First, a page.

In this series I am covering the 24 tell-tale signs that you could be in financial trouble. Over the next few weeks I will be presenting these signs, how to identify them and tips on how to address the issue.
This one may go without saying but it certainly still needs to be mentioned. If you fail to adequately fund a retirement account you may find yourself living a retirement lifestyle not much better than living in poverty. There are simply far too many uncertainties out there to rely on outside sources of retirement income to simply ignore saving money yourself.
Unfortunately it isn’t always easy to save money, especially when you are younger. Throughout your 20s and 30s you may be working primarily to pay off student loans, buy a home or start a family. Generally retirement seems so far off that the last thing you want to do is put money aside for it. Still, if you don’t start saving and investing in a tax-qualified retirement plan as soon as possible you are missing out on one of the greatest opportunities available to you.
Saving for Retirement Doesn’t Have to be Hard
Saving for retirement doesn’t mean you have to feel like you are denying yourself other things. For many people, employers make saving for retirement as easy as signing up and having money come directly out of their pay check. On top of that, many employers offer matching programs where you can essentially earn free money simply by participating. Saving for retirement doesn’t get any easier than that.
If your employer doesn’t offer a retirement savings plan or their plan has poor investment options or high fees you still have easy options available. You can typically open an IRA account, either Traditional or Roth and begin saving for retirement in those accounts. Unfortunately you may not be able to have money automatically deducted from your pay check nor receive a company match, you can set up small automatic deposits into these accounts just as easily.
Retirement is Your Responsibility
When it comes to retirement you are solely responsible for how you want it to be. You are foolish to think that the government or your company’s defined benefit plan will be there to support you. While there certainly may be some help from outside sources it is up to you to take control of your retirement finances. Will Social Security be there for you? Will your pension, if you are lucky enough to have one, be enough?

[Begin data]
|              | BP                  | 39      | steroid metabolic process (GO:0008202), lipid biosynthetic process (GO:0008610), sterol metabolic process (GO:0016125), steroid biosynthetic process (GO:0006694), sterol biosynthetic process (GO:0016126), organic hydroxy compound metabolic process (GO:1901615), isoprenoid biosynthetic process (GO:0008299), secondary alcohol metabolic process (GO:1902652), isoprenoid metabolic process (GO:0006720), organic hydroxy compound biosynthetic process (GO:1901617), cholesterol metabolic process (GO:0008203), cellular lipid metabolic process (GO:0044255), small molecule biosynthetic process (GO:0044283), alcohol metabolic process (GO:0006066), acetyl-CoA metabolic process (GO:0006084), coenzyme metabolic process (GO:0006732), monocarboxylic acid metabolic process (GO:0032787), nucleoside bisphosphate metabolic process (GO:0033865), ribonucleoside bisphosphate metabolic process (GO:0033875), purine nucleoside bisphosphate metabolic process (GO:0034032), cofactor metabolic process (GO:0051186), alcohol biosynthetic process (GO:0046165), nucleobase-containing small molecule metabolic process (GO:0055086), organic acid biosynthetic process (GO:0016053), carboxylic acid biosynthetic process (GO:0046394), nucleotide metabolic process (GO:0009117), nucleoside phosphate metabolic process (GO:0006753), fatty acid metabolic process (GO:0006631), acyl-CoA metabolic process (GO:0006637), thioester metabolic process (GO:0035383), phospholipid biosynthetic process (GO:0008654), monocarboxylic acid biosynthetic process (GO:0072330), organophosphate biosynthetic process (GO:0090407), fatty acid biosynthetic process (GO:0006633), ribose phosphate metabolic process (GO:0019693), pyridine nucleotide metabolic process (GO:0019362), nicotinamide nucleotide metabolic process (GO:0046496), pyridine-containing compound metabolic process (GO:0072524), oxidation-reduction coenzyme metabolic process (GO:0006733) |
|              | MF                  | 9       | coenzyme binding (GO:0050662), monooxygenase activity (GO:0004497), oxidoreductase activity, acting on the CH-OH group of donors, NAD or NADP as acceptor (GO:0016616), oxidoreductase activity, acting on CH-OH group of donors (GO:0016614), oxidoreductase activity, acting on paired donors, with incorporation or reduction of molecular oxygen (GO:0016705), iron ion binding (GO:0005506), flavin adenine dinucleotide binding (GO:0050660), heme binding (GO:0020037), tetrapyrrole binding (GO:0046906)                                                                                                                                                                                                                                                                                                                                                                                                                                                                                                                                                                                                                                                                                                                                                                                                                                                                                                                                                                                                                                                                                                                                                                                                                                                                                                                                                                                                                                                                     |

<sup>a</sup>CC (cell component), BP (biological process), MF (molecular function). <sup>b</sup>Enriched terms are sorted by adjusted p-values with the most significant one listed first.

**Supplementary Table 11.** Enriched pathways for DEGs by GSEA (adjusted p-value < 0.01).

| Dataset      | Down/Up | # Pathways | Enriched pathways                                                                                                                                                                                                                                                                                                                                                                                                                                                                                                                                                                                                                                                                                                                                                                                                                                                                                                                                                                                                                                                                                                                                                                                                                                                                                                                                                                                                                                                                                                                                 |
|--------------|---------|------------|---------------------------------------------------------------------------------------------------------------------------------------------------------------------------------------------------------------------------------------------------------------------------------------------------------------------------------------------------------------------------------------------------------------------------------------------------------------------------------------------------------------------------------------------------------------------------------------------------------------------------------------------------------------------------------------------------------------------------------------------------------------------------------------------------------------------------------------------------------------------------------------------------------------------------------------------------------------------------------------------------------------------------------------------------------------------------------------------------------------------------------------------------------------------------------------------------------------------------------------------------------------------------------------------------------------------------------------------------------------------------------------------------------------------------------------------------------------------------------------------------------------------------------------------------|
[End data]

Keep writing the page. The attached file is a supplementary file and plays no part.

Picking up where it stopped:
It is doubtful you will be able to live a lifestyle you desire with just Social Security and a pension, provided you receive both of these. Recent studies show that current retiree households find that Social Security and a pension combined make up only 50-54% of their needed income. This means you still need to find a source for the other half of your income in retirement. Some do this by still working, others start a business, and some utilize their retirement savings to generate this income. The real problem is that we don’t know what our health will be in retirement. Will you be healthy enough to work? Will your health require additional health care costs that increase your income requirements?
With so many unknowns about the future it is foolish to assume anything. Sure, maybe you are 30 years old right now and you don’t think you need to save for retirement because after 60 you’re going to continue to work part-time or start your own business. That sounds fine on paper but you have no way of knowing what will happen tomorrow let alone 30 years from now.
Regardless of your age it is never too early to start saving for retirement. If you don’t think you have money to spare it is just fine to start small. Even if it is only $20 a month it is far better than nothing at all. Time can be either your greatest asset or your worst enemy. Compounding interest works on any amount of money whether it is $100 or $100,000.
If you start early even a small amount will grow significantly over time. But once time has passed, you can never get that time back. Every week, month or year that passes is gone forever and you cannot get it back. The only thing you can do is to save even more money to try and make up for the time you lost. What will hurt more, saving $20 a month now or $200 a month ten years from now?
Author: Jeremy Vohwinkle
My name is Jeremy Vohwinkle, and I’ve spent a number of years working in the finance industry providing financial advice to regular investors and those participating in employer-sponsored retirement plans.